LINCages to Inclusion: Survey of the Ontario LINC program regarding learners with high need and diverse abilities

From Settlement AtWork Wiki
Jump to: navigation, search
By: Howard Barton & Associates
Date: 2006

Survey of the Ontario LINC program regarding learners with high need and diverse abilities

Files Available for Download

LINCages Full Report [Acrobat PDF, 330 Kb]

Final Report Appendices
Appendices A, B, and C [Acrobat PDF, 246 Kb]


The Language Instruction for Newcomers to Canada (LINC) program was established in 1992 by Citizenship and Immigration Canada (CIC) for adult immigrants and refugees. It offers basic language training in English or French for the purpose of facilitating settlement. LINC has two distinct components: assessment centres that establish learners? eligibility and language skill level and a delivery component that provides a broad range of specialized services. In Ontario, the LINC program is delivered by a variety of service providers including boards of education and non-governmental organizations. Some of the LINC programs exist in communities with a wide range of settlement services while others operate in communities with fewer settlement resources.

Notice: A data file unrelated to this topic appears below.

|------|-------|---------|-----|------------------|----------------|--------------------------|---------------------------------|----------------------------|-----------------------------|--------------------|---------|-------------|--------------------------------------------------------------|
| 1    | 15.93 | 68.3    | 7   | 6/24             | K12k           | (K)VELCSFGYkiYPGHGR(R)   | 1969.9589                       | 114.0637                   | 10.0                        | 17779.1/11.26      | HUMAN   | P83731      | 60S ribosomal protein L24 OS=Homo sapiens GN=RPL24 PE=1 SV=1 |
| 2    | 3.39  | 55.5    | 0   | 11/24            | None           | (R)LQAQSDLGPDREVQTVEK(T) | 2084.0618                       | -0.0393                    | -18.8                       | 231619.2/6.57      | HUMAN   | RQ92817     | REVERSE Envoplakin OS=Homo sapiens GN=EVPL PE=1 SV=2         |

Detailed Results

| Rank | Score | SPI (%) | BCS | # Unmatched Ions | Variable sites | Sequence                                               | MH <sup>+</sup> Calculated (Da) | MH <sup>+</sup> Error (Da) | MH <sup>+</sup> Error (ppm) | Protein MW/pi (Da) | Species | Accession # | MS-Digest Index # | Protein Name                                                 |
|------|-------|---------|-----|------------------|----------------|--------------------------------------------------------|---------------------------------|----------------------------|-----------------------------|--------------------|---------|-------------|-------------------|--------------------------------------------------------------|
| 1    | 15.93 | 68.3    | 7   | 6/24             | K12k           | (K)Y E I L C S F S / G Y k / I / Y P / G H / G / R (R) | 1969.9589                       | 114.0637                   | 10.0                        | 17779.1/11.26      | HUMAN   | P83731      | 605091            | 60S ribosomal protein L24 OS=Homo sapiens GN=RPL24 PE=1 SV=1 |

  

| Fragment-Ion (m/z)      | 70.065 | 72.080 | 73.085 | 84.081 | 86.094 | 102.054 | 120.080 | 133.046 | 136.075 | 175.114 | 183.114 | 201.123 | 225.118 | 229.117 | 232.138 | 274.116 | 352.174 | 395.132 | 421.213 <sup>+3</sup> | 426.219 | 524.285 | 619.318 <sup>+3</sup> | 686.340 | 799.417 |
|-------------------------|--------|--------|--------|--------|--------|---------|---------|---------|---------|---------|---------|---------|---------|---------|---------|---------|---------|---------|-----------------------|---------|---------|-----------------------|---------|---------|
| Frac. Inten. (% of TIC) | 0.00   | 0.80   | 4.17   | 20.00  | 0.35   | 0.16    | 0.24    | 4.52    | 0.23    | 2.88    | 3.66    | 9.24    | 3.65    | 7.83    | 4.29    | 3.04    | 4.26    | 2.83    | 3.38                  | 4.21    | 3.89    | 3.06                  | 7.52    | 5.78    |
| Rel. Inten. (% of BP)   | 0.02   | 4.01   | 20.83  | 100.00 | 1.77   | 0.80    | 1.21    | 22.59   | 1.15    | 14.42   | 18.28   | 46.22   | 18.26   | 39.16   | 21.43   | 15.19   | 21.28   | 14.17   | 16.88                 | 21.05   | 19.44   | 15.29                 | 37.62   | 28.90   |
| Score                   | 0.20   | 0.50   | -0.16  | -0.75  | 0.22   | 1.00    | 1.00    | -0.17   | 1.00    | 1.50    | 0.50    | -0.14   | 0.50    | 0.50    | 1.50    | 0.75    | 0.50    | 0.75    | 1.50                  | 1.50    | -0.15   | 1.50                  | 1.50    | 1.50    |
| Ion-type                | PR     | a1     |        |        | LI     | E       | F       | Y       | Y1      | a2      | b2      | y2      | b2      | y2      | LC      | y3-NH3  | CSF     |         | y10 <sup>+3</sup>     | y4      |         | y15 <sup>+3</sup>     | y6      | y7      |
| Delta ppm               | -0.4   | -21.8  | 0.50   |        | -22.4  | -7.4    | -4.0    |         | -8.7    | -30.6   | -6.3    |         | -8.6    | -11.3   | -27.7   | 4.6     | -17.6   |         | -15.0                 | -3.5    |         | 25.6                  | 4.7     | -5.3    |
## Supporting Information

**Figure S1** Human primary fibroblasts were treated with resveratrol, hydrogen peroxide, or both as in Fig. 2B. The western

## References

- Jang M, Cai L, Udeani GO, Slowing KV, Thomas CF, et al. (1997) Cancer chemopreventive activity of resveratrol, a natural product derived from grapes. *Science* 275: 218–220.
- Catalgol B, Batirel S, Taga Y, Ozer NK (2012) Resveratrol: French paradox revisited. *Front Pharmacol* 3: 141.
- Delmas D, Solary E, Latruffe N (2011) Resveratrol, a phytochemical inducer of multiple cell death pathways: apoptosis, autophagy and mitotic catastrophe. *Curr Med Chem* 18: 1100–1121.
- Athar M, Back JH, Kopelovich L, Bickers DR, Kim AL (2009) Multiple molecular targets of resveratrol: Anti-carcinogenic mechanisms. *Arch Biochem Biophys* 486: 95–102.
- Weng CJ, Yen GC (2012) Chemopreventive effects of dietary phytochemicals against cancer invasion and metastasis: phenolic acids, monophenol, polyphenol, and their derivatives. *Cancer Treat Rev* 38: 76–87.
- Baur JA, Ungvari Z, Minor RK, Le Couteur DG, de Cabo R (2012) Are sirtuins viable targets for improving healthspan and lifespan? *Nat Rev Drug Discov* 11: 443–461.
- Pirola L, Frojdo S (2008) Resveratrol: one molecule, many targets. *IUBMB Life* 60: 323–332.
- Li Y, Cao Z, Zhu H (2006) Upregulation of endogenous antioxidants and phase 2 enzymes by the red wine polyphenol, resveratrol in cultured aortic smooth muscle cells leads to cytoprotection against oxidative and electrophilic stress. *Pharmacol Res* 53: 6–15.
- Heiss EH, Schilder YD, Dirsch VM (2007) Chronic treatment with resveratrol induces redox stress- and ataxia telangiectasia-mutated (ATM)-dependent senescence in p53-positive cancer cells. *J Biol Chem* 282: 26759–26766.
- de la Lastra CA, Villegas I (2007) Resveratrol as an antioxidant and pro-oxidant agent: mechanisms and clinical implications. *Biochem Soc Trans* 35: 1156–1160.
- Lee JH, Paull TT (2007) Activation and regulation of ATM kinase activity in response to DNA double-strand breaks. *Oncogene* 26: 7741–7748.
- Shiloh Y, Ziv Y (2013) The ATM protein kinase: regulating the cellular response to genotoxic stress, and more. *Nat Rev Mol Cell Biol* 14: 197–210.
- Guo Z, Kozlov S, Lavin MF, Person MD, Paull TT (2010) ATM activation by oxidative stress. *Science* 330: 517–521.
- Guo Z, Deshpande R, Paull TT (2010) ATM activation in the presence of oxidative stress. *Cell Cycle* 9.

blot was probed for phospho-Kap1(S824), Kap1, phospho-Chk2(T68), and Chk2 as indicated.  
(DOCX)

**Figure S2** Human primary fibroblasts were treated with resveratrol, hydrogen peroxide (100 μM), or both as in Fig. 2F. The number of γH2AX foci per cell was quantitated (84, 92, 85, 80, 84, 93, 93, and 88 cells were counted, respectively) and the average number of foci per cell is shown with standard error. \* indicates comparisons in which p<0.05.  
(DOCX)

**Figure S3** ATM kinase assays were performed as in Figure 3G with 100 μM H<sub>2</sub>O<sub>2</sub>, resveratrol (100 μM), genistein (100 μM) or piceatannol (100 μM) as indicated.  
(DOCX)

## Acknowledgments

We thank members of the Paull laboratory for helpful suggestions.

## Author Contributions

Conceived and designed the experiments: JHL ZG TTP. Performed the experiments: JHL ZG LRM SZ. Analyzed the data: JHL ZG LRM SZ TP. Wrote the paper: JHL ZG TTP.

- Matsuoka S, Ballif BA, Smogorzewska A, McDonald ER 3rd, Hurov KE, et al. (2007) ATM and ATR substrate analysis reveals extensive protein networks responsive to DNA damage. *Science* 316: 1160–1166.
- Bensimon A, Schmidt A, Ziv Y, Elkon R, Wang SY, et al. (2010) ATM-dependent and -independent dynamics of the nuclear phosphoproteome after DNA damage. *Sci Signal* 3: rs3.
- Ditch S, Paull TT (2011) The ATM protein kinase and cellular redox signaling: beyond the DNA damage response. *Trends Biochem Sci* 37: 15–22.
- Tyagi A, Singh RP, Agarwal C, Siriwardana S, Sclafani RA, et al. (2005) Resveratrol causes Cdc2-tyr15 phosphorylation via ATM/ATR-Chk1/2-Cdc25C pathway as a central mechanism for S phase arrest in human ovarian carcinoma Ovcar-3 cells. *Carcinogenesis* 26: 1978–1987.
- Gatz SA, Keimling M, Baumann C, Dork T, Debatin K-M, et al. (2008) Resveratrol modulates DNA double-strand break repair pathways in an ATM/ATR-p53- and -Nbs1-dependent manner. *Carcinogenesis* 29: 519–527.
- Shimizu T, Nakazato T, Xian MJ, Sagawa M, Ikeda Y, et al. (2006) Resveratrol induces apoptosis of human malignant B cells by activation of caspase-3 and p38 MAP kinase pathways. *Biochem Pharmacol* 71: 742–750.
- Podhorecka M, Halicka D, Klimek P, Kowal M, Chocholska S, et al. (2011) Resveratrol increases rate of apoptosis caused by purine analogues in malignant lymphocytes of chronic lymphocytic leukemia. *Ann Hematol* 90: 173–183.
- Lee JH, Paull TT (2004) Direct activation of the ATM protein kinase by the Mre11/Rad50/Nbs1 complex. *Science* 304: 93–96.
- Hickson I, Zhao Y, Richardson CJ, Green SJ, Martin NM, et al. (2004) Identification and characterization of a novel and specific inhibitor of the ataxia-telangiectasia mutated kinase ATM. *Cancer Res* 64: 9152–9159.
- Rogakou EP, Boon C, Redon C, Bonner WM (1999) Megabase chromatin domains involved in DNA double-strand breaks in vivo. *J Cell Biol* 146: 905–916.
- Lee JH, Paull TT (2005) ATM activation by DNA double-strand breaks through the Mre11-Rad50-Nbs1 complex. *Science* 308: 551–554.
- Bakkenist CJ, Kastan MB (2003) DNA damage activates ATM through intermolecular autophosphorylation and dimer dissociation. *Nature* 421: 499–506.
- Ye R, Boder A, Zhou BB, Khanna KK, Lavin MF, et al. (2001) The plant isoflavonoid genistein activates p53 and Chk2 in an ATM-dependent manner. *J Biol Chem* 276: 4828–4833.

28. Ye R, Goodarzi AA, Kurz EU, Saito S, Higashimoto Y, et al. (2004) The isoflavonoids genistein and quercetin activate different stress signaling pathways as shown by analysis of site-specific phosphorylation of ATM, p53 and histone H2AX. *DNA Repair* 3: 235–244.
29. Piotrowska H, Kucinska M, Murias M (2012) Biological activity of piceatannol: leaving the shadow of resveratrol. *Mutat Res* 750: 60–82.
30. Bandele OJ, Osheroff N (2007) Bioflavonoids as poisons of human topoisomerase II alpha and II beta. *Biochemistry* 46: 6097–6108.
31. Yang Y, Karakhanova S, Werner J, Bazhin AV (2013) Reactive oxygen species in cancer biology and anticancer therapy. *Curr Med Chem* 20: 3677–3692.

The Ontario Region LINC Advisory Committee (ORLAC) oversees policy and program delivery. It is composed of representatives from service providing organizations, CIC and OCASI (Ontario Council of Agencies Serving Immigrants) and meets regularly. ORLAC members represent multiple constituencies within LINC including assessment centres, instructors, administrators, funders and policy makers.

ORLAC meeting discussions have recorded much anecdotal evidence of the ongoing participation of learners with high or special need within the LINC program. Based on this information, ORLAC issued a proposal through CIC to sponsor a study that would investigate and define high need and provide an estimation of numbers of learners with high need.

This study examines in detail the question of what constitutes high need within the LINC program in Ontario, the extent of high need, and provides suggestions for ameliorating the same. It includes a review of the pertinent literature as a resource to assist in providing information about learners with high need and methods on how to address this issue. The report identifies 13 issues and makes 23 recommendations for policy makers, funders and service delivery organizations that address the individual and social factors that comprise high need.